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4

there are several categories in the utm section of esri crs projected. go to the projected coordinate systems. then to UTM, Then look at the nad83 BLM (US Feet). That should work in both autodesk and esri. (EPSG) 32165


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I can tell you from experience using GPS enabled cameras, and doing research on handheld GPS accuracy, there is a portion of your data that will be completely wrong (I had photos collected in Qatar showing up in Brazil). Additionally, the accuracy of the photo will be dependent on the surrounding (forest cover, buildings, etc.). Consumer grade cameras are ...


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Try .. 70 deg 25' 42.8" N 67 deg 47' 52.8" E From Here


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Approach #2 seems to be the more comfortable one. You should have a look at natural earth data for a shp ( www.naturalearthdata.com/downloads/10m-cultural-vectors/10m-admin-0-countries/). Regarding the flight path I am not sure if it is always a straight line. You should consider that.


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Have you tried making a custom projection? Here is a walkthrough from esri knowledgebase.


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I'm not sure who you consulted, but this doesn't seem like great advice. The problem seems to be not one of negative values but more the order of x and y co-ordinates. A latitude (y) can only be in the range of -90 to +90. Longitude (x) can be -180 to +180, broadly speaking. These co-ordinates are from the equator and the Greenwich meridian, respectively. ...


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When you say that you have imported your CAD drawings into ArcGIS, I am assuming that you now have either file geodatabase feature classes or shapefiles. Consequently you should be able to perform a spatial adjustment transformation on them: Transformations move or shift data within a coordinate system. They are often used to convert data from unknown ...


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Haversine is used for the great circle distance (shortest distance following the sphere curvature). So it does not take the height into account. For straight line distance, I would first convert your lat/long/radius+alt triplets to XYZ in a 3D cartesian system (see here). Then you can apply your equation. Because your points are very close from each ...


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I guess the bogus coordinates are set to what they are because HTC is a smartphone made in Taiwan, and the coordinates they are set with are either those at their factory, or from the store from which the phone was sold (the map did show two "HTC"s close by). To prove that something like that is the case, I checked another photo which I know was taken in ...


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For Openstreetmap, the parameters are quite simple: http://www.openstreetmap.org/#map=10/47.1911/2.4884 http://www.openstreetmap.org/#map= : base url 10/ : zoom level 47.1911/ : latitude of center, North positive 2.4884 : longitude of center, East positive ...


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If you are working with anything but points, you need to convert your shapes to WKT (well known text) columns, and then save that as csv. There is an expression in qgis 2.2 field calculator, it is in a geometry branch, named - geomtoWKT. Haven't tried it. If that doesn't work for you, try searching for other ways to get WKT columns. Just saving layer as csv ...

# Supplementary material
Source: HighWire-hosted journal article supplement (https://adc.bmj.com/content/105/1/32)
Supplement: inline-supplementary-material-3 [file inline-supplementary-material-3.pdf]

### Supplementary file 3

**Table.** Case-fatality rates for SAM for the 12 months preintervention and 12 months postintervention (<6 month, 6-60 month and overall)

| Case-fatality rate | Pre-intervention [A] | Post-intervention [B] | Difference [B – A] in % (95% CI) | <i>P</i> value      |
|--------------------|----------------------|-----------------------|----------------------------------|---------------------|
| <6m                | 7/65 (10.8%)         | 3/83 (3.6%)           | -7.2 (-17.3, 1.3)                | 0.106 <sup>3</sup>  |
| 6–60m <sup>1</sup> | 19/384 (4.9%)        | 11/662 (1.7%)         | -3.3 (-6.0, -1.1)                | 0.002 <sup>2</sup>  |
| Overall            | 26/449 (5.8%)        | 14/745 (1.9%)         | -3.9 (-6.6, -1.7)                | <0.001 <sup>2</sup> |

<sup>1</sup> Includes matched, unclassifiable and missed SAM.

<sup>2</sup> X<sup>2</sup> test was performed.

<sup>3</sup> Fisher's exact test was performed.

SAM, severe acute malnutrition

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Import of coordinates from a CSV table can be done with Add delimited text. To create a line from them, use the Points2One plugin. Or use the MMQGIS plugin to do both steps together.


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try this: cur = arcpy.UpdateCursor(in_featureClass) for row in cur: row.xDD = row.SHAPE.extent.XMin row.yDD = row.SHAPE.extent.YMin cur.updateRow(row) It doesn't matter if you use XMin or XMax - as these are the same for points.


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Whenever you're checking if 2 strings are equal, it's usually best to ensure that case sensitivity won't impact your results. As it so happens, the string returned by arcpy.Describe().shapetype is not in uppercase; it's actually in title case. But since you're not interested in the case of either, just convert the type to upper case: type = ...


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There are a couple of ways to get the data you want. Since your question is asking specifically for coordinates and not actual GIS data (ie a shapefile), this question may be off topic / more appropriate at the Open Data StackExchange. My first suggestion is the second link at http://www.stats.indiana.edu/maptools/ which will give you a coordinate list of ...


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Free TIGER County Shapefile, not sure what software you use, but Feature to Point in ArcMAP will give you center points from the county shapefile.


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Short answer The containerPoint methods date from a feature request back in 2012, and today, they're a bit confusing. The best answer is Leaflet maintainer Vladimir Agafonkin's description: "layerPoint is actually a point relative to the map layer (the div which contains tiles and markers), not the outer map container. What you need is ...



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